Saturday, November 3, 2007

Review: eighth blackbird

Nov. 2, art6, Richmond

Most cities are divided by perceptual boundaries, which inhabitants on either side are disinclined to cross. In Richmond, one of the most durable is the Beltline, a rail line and commuter highway separating older central districts from more upscale neighborhoods to the west. Central-city gentrification has blurred the line, but it remains a sturdy cultural barrier. It has separated eighth blackbird, the contemporary music sextet now in its third year of residency on the West End campus of the University of Richmond, from much of its natural local constituency.

Last night, eighth blackbird crossed the line, performing at the art6 gallery, one of the venues for the downtown First Fridays Art Walk, which has become Richmond’s most popular showcase for contemporary visual art and alternative music – and one of the prime occasions to see and be seen for the city’s young, hip and artsy.

The YH&A's responded enthusiastically, at times uproariously, to the ’birds. These musicians know how to play to a downtown crowd – that’s what they do in many of their tour engagements – and their repertory is unmistakably on the alt-side of the generational divide: upbeat, physical, quirky, whimsical, spicily sauced brain food.

In the first of two sets, pianist Lisa Kaplan, violinist Matt Albert, cellist Nicholas Photinos, flutist Tim Munro, clarinetist Michael Maccaferri and percussionist Matthew Duvall played Frederic Rzewski’s "Pocket Symphony" (2000), whose percolating energy and droll expressive touches mask a complex and fine-grained neoclassical discourse, and the movement of "Thirteen Ways" (1987) by Thomas Albert (Matt’s father) that spins variations on the theme of the Beatles’ "Blackbird."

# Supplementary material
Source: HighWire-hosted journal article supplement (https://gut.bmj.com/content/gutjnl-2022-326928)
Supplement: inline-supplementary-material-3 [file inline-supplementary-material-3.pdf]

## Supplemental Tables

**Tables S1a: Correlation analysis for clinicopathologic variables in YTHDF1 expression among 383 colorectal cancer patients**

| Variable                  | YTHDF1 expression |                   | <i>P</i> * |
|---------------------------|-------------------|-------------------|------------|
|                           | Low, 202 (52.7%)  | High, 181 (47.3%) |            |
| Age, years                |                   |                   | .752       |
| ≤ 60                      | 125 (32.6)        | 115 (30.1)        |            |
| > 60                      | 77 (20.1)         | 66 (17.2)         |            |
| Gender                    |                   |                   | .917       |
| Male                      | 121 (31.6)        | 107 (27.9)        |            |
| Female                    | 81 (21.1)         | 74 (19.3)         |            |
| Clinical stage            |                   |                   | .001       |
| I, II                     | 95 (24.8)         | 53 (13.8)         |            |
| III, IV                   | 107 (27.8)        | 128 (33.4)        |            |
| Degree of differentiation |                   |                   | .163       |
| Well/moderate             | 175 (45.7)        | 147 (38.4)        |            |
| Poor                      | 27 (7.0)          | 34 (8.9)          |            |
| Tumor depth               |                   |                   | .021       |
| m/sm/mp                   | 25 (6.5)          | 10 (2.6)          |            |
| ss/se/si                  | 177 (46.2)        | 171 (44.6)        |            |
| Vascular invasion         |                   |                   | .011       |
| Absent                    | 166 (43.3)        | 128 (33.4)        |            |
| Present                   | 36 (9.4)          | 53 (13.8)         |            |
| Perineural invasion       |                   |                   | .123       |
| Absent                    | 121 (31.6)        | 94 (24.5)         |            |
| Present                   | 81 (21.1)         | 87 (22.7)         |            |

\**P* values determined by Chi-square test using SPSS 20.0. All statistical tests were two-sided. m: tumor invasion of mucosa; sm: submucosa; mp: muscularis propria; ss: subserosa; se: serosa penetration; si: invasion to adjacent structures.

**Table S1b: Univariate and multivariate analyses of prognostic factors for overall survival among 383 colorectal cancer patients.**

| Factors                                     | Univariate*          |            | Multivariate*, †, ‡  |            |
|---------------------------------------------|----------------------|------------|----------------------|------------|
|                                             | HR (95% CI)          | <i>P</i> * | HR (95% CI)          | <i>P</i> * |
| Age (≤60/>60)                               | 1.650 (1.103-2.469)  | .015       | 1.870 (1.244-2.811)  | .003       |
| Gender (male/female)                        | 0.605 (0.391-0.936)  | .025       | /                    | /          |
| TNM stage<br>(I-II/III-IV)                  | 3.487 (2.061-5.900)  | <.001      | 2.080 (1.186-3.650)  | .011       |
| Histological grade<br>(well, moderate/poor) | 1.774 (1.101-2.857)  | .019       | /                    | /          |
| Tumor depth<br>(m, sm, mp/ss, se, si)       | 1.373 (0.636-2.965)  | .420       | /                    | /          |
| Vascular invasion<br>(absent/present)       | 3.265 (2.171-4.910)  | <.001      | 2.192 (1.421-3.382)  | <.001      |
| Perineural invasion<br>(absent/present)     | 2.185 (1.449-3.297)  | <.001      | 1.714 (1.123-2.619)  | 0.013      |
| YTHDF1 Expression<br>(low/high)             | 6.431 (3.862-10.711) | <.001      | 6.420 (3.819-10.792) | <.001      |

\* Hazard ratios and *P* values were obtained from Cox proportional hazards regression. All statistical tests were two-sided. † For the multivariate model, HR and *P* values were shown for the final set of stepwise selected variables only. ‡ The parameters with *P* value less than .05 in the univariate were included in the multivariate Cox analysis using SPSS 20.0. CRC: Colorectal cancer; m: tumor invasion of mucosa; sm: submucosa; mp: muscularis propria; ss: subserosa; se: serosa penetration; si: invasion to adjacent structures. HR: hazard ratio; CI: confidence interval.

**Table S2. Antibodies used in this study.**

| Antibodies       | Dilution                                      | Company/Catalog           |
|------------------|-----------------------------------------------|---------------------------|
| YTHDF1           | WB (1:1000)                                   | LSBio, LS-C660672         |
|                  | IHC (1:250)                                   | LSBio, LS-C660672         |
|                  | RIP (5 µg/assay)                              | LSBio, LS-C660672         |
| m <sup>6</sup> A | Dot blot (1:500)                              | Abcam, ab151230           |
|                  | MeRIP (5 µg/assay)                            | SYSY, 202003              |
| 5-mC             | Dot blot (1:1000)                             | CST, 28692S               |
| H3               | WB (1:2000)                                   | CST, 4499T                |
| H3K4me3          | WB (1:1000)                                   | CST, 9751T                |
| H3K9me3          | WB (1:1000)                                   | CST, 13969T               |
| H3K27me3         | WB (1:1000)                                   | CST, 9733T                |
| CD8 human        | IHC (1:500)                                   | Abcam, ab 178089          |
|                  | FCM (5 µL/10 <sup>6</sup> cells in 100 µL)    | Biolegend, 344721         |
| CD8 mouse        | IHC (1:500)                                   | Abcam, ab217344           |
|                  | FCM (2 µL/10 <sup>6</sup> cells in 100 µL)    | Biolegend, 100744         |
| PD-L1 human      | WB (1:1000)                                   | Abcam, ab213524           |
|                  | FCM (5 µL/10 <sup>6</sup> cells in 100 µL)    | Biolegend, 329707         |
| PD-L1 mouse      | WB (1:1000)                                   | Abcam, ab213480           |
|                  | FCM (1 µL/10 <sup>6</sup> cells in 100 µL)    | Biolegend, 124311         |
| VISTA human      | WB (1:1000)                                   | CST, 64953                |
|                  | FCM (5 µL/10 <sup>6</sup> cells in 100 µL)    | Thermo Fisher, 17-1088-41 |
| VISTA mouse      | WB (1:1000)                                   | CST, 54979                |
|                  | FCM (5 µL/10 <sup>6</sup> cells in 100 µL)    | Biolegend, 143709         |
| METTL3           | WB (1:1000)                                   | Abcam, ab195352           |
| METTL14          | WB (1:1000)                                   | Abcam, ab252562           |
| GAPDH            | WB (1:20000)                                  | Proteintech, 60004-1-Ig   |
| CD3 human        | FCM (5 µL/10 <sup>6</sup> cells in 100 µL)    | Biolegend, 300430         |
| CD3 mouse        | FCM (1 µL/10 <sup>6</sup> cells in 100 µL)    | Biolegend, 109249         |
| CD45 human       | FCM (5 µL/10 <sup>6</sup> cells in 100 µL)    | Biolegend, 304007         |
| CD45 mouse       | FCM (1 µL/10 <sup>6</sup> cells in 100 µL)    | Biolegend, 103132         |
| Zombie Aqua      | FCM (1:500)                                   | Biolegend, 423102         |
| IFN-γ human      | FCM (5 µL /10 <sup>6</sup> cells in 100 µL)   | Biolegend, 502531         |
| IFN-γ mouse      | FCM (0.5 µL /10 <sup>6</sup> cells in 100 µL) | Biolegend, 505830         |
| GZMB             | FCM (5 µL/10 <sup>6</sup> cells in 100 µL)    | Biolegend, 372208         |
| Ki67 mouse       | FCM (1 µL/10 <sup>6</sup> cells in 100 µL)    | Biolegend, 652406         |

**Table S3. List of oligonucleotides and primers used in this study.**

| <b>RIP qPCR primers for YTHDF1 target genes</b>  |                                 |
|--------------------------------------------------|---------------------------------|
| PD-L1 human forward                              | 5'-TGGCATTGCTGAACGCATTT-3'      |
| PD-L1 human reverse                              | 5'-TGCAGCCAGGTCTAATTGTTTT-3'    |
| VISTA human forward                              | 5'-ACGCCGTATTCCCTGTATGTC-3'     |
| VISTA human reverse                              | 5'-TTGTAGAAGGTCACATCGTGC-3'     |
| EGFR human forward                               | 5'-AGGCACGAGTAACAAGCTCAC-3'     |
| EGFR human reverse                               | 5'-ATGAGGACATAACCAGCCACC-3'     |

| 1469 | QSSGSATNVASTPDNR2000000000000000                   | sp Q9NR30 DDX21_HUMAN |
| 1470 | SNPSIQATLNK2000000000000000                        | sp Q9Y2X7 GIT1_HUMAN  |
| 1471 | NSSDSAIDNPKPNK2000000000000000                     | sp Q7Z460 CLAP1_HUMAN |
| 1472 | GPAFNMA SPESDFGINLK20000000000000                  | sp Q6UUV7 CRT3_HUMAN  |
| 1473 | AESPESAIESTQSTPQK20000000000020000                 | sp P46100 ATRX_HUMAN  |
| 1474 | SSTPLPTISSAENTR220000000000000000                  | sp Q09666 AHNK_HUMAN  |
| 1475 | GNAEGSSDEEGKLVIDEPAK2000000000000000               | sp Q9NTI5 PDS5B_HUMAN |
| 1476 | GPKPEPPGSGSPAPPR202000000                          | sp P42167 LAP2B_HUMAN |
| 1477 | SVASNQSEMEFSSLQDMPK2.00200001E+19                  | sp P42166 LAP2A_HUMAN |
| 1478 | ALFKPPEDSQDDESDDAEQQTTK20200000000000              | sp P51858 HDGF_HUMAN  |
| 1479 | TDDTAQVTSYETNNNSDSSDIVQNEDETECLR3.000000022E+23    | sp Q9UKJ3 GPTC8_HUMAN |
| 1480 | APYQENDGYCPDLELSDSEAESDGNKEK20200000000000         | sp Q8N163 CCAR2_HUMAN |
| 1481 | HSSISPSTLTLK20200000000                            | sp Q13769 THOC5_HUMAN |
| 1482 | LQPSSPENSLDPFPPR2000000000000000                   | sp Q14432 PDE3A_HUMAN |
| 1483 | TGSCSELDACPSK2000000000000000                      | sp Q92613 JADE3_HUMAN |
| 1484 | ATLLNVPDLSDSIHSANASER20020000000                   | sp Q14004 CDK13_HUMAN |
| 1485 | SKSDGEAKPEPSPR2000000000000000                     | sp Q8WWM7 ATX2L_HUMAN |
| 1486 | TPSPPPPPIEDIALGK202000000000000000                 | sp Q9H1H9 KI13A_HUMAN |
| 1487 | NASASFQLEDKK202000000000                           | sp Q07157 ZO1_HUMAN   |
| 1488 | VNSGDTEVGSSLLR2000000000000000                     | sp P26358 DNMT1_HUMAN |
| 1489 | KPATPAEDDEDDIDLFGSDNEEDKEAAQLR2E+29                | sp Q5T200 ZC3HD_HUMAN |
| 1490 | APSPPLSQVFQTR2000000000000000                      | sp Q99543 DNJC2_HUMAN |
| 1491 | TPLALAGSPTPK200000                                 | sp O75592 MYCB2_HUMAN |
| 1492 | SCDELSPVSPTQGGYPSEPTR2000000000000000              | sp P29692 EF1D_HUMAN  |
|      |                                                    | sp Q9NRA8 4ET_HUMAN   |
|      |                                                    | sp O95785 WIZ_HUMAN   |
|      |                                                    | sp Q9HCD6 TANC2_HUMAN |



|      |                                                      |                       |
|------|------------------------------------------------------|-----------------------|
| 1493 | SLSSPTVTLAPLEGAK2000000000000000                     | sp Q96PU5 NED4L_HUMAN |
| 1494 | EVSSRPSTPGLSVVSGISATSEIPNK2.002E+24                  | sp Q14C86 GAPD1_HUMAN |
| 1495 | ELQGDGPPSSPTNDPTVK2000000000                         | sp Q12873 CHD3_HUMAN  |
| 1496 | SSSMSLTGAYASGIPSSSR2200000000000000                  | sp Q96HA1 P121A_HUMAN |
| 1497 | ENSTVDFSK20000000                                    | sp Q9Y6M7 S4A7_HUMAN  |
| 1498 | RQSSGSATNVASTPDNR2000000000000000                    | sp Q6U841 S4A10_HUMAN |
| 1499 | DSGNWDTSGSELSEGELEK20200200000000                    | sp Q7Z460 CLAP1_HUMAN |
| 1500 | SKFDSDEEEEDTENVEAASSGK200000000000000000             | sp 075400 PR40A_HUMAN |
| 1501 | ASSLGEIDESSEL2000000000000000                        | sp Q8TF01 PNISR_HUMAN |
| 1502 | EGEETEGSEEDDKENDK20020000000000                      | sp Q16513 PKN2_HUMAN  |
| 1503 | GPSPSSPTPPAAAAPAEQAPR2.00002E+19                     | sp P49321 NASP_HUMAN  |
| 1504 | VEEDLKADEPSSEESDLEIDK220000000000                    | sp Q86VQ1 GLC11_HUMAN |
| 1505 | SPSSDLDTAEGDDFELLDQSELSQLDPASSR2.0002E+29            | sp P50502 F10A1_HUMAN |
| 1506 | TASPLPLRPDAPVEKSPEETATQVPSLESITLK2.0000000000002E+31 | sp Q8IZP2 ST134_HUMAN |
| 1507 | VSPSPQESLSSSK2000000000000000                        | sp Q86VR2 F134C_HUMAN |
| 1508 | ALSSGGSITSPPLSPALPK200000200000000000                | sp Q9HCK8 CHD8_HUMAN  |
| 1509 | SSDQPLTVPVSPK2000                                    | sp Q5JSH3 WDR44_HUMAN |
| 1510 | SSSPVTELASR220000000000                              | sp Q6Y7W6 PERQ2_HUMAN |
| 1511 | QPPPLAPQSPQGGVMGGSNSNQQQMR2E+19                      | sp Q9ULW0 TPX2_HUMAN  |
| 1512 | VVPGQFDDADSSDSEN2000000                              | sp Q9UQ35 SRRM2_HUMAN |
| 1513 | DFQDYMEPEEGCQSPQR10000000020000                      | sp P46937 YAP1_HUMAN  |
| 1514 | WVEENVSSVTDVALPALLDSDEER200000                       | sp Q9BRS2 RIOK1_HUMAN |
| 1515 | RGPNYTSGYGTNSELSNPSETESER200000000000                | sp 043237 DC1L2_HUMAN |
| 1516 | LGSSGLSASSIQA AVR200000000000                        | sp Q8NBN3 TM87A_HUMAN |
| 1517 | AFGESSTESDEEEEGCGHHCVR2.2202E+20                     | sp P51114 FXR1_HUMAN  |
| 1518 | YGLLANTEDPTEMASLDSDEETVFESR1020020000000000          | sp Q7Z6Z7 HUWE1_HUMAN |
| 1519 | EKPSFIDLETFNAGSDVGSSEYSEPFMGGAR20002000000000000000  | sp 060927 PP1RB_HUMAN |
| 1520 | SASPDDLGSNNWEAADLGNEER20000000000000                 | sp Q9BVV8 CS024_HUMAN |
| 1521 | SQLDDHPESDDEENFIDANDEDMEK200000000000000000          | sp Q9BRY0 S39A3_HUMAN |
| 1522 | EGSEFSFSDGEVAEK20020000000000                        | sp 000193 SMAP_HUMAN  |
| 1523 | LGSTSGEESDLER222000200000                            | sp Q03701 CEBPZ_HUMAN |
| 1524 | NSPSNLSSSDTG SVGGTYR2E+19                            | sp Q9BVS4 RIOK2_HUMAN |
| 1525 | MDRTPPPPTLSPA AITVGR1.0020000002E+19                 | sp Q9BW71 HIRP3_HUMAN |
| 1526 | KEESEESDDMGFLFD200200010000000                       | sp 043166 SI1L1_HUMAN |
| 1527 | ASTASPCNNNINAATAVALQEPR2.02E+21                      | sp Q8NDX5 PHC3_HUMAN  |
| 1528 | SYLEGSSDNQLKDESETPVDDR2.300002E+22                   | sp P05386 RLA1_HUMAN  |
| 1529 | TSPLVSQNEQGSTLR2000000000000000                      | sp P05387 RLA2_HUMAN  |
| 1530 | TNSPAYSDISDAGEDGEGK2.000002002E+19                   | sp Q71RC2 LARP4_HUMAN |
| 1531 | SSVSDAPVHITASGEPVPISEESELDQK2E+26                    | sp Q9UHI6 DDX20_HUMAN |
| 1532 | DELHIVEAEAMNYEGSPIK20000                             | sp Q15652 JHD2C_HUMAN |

For the late show, played before a larger and younger crowd, Kaplan, Duvall and Albert opened with the Belgian composer-filmmaker Thierry De Mey’s "Musique de Tables" (1987), a choreographed fantasia for percussive sounds hand-clapped and rubbed, patted and thumped on a tabletop (a Costco fold-up, which the ’birds favor for its subtly pebbled surface.)

Next came "The Servant of Two Masters," a frenzied, virtuosic movement for piano, violin and clarinet from Stephen Hartke’s "The Horse with the Lavendar Eye," which the ensemble will play in its entirety on Nov. 7 at the University of Richmond.

The finale was Martin Bresnik’s setting of the wry but deeply moving poem "My 20th Century" by the late Tom Andrews. Andrews’ autobiography of one-liners, which the musicians take turns delivering, unfolds over a telegraphic rhythmic figure garnished with vaguely nostalgic snippets of melody recalling the scores of Aaron Copland or Samuel Barber. (The piece could be heard as a postmodern analog to Barber’s "Knoxville, Summer of 1915.")

Richmond's downtowners audibly relished their taste of eighth blackbird. Now let’s see how many cross the Beltline for seconds.

eighth blackbird performs music of Stephen Hartke at 7:30 p.m. Nov. 7 in Camp Concert Hall of the University of Richmond’s Modlin Arts Center. Tickets: $20. Details: (804) 289-8980,